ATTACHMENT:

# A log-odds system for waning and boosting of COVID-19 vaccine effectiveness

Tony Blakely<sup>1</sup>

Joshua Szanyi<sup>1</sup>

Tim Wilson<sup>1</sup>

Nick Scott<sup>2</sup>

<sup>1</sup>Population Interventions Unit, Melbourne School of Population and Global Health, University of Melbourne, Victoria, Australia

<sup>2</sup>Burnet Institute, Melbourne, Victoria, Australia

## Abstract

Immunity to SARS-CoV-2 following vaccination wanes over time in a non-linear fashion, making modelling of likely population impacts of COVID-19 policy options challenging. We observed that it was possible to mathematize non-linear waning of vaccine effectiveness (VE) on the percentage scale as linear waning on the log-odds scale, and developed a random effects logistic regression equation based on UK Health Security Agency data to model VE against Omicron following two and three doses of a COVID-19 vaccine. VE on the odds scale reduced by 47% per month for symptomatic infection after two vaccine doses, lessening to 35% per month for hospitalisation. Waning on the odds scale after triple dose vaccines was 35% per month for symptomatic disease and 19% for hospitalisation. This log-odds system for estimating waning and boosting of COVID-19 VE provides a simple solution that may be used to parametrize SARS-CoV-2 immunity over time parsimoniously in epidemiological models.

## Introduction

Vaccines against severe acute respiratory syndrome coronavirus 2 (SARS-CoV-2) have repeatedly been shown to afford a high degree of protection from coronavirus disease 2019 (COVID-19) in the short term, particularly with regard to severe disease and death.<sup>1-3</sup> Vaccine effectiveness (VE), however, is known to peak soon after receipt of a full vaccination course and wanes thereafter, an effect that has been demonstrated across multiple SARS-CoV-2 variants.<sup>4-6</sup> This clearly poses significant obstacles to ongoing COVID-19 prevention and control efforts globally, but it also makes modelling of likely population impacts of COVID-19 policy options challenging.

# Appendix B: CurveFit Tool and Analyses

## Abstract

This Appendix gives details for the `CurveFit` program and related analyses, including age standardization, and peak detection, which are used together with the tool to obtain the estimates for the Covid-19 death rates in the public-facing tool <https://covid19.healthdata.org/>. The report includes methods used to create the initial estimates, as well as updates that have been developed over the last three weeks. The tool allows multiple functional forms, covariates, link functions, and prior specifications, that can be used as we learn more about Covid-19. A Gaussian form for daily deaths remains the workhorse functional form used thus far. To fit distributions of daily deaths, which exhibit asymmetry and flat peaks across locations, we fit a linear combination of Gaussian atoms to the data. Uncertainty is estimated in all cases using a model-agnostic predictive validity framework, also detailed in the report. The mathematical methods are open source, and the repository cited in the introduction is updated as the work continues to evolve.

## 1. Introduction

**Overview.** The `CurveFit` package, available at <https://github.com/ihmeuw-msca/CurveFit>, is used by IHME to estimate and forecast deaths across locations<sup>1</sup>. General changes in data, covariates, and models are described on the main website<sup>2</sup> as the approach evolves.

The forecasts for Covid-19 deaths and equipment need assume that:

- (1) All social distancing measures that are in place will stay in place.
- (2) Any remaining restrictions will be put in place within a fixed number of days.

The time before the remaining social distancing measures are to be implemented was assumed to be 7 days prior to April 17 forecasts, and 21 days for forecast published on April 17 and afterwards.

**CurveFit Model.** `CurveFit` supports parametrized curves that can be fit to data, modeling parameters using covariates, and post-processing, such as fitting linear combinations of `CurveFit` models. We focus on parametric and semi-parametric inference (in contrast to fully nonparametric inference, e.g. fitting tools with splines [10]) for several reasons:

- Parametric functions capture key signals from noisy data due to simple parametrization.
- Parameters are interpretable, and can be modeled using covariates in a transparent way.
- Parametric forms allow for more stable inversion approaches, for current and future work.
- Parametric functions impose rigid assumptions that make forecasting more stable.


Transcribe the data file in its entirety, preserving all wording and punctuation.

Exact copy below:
# A log-odds system for waning and boosting of COVID-19 vaccine effectiveness

Tony Blakely<sup>1</sup>

Joshua Szanyi<sup>1</sup>

Tim Wilson<sup>1</sup>

Nick Scott<sup>2</sup>

<sup>1</sup>Population Interventions Unit, Melbourne School of Population and Global Health, University of Melbourne, Victoria, Australia

<sup>2</sup>Burnet Institute, Melbourne, Victoria, Australia

## Abstract

Immunity to SARS-CoV-2 following vaccination wanes over time in a non-linear fashion, making modelling of likely population impacts of COVID-19 policy options challenging. We observed that it was possible to mathematize non-linear waning of vaccine effectiveness (VE) on the percentage scale as linear waning on the log-odds scale, and developed a random effects logistic regression equation based on UK Health Security Agency data to model VE against Omicron following two and three doses of a COVID-19 vaccine. VE on the odds scale reduced by 47% per month for symptomatic infection after two vaccine doses, lessening to 35% per month for hospitalisation. Waning on the odds scale after triple dose vaccines was 35% per month for symptomatic disease and 19% for hospitalisation. This log-odds system for estimating waning and boosting of COVID-19 VE provides a simple solution that may be used to parametrize SARS-CoV-2 immunity over time parsimoniously in epidemiological models.

## Introduction

Vaccines against severe acute respiratory syndrome coronavirus 2 (SARS-CoV-2) have repeatedly been shown to afford a high degree of protection from coronavirus disease 2019 (COVID-19) in the short term, particularly with regard to severe disease and death.<sup>1-3</sup> Vaccine effectiveness (VE), however, is known to peak soon after receipt of a full vaccination course and wanes thereafter, an effect that has been demonstrated across multiple SARS-CoV-2 variants.<sup>4-6</sup> This clearly poses significant obstacles to ongoing COVID-19 prevention and control efforts globally, but it also makes modelling of likely population impacts of COVID-19 policy options challenging.

# Appendix B: CurveFit Tool and Analyses

## Abstract

This Appendix gives details for the `CurveFit` program and related analyses, including age standardization, and peak detection, which are used together with the tool to obtain the estimates for the Covid-19 death rates in the public-facing tool <https://covid19.healthdata.org/>. The report includes methods used to create the initial estimates, as well as updates that have been developed over the last three weeks. The tool allows multiple functional forms, covariates, link functions, and prior specifications, that can be used as we learn more about Covid-19. A Gaussian form for daily deaths remains the workhorse functional form used thus far. To fit distributions of daily deaths, which exhibit asymmetry and flat peaks across locations, we fit a linear combination of Gaussian atoms to the data. Uncertainty is estimated in all cases using a model-agnostic predictive validity framework, also detailed in the report. The mathematical methods are open source, and the repository cited in the introduction is updated as the work continues to evolve.

## 1. Introduction

**Overview.** The `CurveFit` package, available at <https://github.com/ihmeuw-msca/CurveFit>, is used by IHME to estimate and forecast deaths across locations<sup>1</sup>. General changes in data, covariates, and models are described on the main website<sup>2</sup> as the approach evolves.

The forecasts for Covid-19 deaths and equipment need assume that:

- (1) All social distancing measures that are in place will stay in place.
- (2) Any remaining restrictions will be put in place within a fixed number of days.

The time before the remaining social distancing measures are to be implemented was assumed to be 7 days prior to April 17 forecasts, and 21 days for forecast published on April 17 and afterwards.

**CurveFit Model.** `CurveFit` supports parametrized curves that can be fit to data, modeling parameters using covariates, and post-processing, such as fitting linear combinations of `CurveFit` models. We focus on parametric and semi-parametric inference (in contrast to fully nonparametric inference, e.g. fitting tools with splines [10]) for several reasons:

- Parametric functions capture key signals from noisy data due to simple parametrization.
- Parameters are interpretable, and can be modeled using covariates in a transparent way.
- Parametric forms allow for more stable inversion approaches, for current and future work.
- Parametric functions impose rigid assumptions that make forecasting more stable.